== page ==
In the end, it’s a question of if we see MLS as a developmental league or not. It surely is a chameleon, isn’t it? It has a stated goal of being a world-class league by 2020, which should mean the influx of more international players, but also ties itself closely to the success of the U.S. national team. It still conducts an amateur draft, even though world-class soccer leagues don’t control youth talent in that fashion — nor do world-class soccer clubs trust schools to teach their young players how to play the game.

So, as long as a draft exists, as long as American players are given protection on Canadian rosters, it is absolutely fair to see MLS as a developmental league — and therefore expecting something as small as a 2,000-minute Canadian player average shouldn’t be onerous to MLS at all.

And, by calling for a league-wide average on minutes, you might find a loophole in the U.S. labour laws MLS has cited in preventing Canadians as domestics in American markets. USL-PRO does see Canadians as domestics, and sources have told us that this is more of a USSF issue than a true labour-law issue. The prejudicial nature of sports rosters makes them difficult targets for labour law; if we did apply labour law strictly to rosters, you could argue that the veteran who gets cut to make way for the rookie could sue the team or league. He is being replaced by a cheaper worker who doesn’t have anywhere close to the same kind of résumé.

In Canada, we have watched MLS evolve in this country since 2007. It has coincided with a deep funk for our national men’s team. In the early ‘90s, we still made it to the hex. We got to playoff games with other confederations. Now, we crash out in the early stages of CONCACAF qualifying. Our players see no minutes.

But, the problem also exists at the front-office level for MLS. MLS lists 12 major executives (CLICK HERE). How many are Canadians? None. Considering that this league has had Canadian members since 2007, and now has three of 19 teams in this country, it’s amazing to see that there still isn’t a vice-president who is from Canada and has an “I grew up with it” understanding of the game in this country. That’s another issue MLS must address. At the executive level, it needs a Canadian. And, getting around labour laws in that case is easy. Rent an office in Toronto or Montreal or Vancouver if you’re worried about that. In fact, it might just be the PR move the league needs, to have a dedicated vice-president for Canada, who deals with Canadian soccer issues and acts as the voice for the league in this country.

 

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18 Comments

  1. Kahkakew Yawassanay

    July 22, 2014 at 9:13 pm

    Immigrant Canadians are not good enough to be designated as domestic players in an American league….if they were they would have taken up more of the international roster spots..how hard is this to understand…until investors here develop their own league or work with the CSA and either the NASL or USL Pro for an all Canuck conference/division where they can be ruled as domestic players on the rosters, they need to follow the current agreement…these are American based leagues and they have no reason to accommodate non American immigrant players…typical immigrant Canuck whining…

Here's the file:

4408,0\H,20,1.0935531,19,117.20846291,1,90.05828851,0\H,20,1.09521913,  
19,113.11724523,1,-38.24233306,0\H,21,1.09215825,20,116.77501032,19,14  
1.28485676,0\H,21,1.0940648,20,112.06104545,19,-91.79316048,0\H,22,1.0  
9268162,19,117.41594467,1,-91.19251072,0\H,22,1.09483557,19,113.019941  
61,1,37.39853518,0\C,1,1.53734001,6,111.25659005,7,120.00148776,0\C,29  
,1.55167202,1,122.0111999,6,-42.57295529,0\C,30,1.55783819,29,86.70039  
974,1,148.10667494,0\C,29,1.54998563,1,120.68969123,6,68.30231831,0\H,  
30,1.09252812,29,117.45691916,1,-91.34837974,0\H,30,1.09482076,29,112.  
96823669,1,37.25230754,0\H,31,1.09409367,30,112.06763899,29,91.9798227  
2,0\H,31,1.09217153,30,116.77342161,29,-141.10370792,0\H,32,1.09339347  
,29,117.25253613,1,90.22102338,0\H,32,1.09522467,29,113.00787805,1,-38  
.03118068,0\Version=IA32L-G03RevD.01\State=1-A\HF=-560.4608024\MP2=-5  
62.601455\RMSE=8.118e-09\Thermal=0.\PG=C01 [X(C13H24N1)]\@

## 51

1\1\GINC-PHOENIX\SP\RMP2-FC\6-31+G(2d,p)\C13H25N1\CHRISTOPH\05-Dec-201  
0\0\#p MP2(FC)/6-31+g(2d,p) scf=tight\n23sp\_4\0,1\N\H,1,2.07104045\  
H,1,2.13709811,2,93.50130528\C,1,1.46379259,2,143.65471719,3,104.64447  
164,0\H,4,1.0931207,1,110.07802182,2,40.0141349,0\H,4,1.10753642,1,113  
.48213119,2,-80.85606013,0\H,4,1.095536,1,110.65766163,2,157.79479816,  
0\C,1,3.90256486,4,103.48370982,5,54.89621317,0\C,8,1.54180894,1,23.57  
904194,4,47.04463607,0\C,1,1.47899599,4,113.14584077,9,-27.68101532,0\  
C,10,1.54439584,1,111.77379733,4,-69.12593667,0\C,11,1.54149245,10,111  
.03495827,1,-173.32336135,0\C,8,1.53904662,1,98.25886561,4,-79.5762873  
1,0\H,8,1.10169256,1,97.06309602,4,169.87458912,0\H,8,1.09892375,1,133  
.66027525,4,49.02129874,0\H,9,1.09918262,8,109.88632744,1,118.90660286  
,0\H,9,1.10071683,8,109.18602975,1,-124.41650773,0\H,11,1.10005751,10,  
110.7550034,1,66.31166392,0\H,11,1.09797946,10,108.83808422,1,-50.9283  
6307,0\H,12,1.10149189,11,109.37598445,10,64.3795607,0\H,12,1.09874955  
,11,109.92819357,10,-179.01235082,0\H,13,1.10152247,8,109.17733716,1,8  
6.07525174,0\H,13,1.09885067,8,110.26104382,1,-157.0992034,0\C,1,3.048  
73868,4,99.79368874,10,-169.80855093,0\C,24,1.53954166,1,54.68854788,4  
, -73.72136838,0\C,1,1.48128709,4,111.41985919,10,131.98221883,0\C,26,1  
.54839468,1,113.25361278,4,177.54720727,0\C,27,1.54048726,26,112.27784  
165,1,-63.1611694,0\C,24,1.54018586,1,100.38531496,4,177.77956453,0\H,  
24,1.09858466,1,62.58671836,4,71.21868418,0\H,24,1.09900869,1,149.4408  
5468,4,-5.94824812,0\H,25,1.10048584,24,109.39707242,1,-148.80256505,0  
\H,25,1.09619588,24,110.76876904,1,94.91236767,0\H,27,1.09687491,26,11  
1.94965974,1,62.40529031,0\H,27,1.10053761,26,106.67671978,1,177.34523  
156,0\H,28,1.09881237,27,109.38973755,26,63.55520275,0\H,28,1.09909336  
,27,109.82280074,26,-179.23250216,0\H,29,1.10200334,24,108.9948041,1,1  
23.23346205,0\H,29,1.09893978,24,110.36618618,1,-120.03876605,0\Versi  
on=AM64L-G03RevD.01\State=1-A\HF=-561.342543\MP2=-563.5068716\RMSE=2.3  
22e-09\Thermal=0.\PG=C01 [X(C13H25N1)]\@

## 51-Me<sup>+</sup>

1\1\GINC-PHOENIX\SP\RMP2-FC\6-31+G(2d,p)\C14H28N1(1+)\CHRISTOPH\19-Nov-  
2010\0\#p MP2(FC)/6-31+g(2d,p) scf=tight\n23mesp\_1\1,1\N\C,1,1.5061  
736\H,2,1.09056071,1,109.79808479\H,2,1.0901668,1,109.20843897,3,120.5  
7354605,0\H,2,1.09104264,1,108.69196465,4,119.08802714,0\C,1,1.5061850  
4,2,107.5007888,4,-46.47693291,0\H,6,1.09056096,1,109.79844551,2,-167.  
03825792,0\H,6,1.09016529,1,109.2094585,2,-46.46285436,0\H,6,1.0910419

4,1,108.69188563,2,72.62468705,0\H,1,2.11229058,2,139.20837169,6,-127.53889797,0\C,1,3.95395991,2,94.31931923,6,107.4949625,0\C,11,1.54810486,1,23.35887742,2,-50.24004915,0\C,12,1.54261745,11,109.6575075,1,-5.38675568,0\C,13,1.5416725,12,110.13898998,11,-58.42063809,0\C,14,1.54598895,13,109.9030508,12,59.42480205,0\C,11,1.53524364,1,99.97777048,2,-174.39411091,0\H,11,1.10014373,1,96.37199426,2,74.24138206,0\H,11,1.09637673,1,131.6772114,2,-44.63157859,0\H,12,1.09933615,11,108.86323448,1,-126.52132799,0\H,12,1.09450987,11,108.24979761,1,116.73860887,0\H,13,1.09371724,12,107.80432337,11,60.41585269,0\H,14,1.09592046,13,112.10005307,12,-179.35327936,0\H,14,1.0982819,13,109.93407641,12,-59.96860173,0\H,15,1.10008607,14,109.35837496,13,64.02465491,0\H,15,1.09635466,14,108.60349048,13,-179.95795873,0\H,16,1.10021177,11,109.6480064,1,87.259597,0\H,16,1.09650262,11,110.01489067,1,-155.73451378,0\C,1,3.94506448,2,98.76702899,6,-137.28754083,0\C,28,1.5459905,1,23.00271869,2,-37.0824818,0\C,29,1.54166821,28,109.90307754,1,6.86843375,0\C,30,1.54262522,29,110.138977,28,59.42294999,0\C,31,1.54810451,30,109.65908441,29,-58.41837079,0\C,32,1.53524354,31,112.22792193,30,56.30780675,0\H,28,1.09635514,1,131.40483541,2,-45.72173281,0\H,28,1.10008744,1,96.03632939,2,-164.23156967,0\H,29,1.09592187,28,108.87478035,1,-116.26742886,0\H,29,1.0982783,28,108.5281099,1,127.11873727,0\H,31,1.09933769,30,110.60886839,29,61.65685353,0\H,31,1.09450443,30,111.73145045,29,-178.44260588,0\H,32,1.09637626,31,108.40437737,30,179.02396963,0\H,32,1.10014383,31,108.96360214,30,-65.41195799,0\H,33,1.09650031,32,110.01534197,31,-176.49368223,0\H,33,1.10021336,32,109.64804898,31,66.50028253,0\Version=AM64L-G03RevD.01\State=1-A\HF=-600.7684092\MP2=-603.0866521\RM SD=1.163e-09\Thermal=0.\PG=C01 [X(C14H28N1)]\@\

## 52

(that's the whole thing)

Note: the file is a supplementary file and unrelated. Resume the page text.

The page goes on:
Reply

    • Glenn

      July 30, 2014 at 4:07 pm

      The MLS has a great opportunity to make this a truly Canadian and American league, and not just an American league with Canadians teams. You accommodate and reach a greater fan base between two countries, and use the MLS as a developmental ground for both countries. It would absolutely help the product on the field as well, there are both young and seasoned Canadians that don’t fit well into the system for the three current Canadian-based MLS teams, aren’t seen as worthwhile to eat up one of the limited international slots, but are more valuable than some domestic players on those rosters.

      Reply

  2. OpenCupFan

    July 19, 2014 at 3:07 am

    This is just a response to the planned NASL/CSA division being worked out. They didn’t have an interest in Canadians before and they don’t now – this is a business move to cut off the NASL. Nothing wrong with that, it’s business, but don’t get it twisted for anything else.

    Reply

  3. Scottish Teeth

    July 17, 2014 at 7:21 pm

    The entire purpose of MLS is to develop American players, not North American, and they are entirely justified in that stance. It’s an American league, built by Americans, for American audiences. In truth Vancouver, Toronto, and Montreal are foreign clubs based in Canada, nothing more. And to look to those clubs as a means of developing Canadian players has always been unrealistic, if not downright silly. In fact, the entire premise is kind of insulting. As Canadians, it is our responsibility to develop our own players, instead of expecting the Americans to do it for us.

    Reply

    • Seathanaich

      July 17, 2014 at 8:03 pm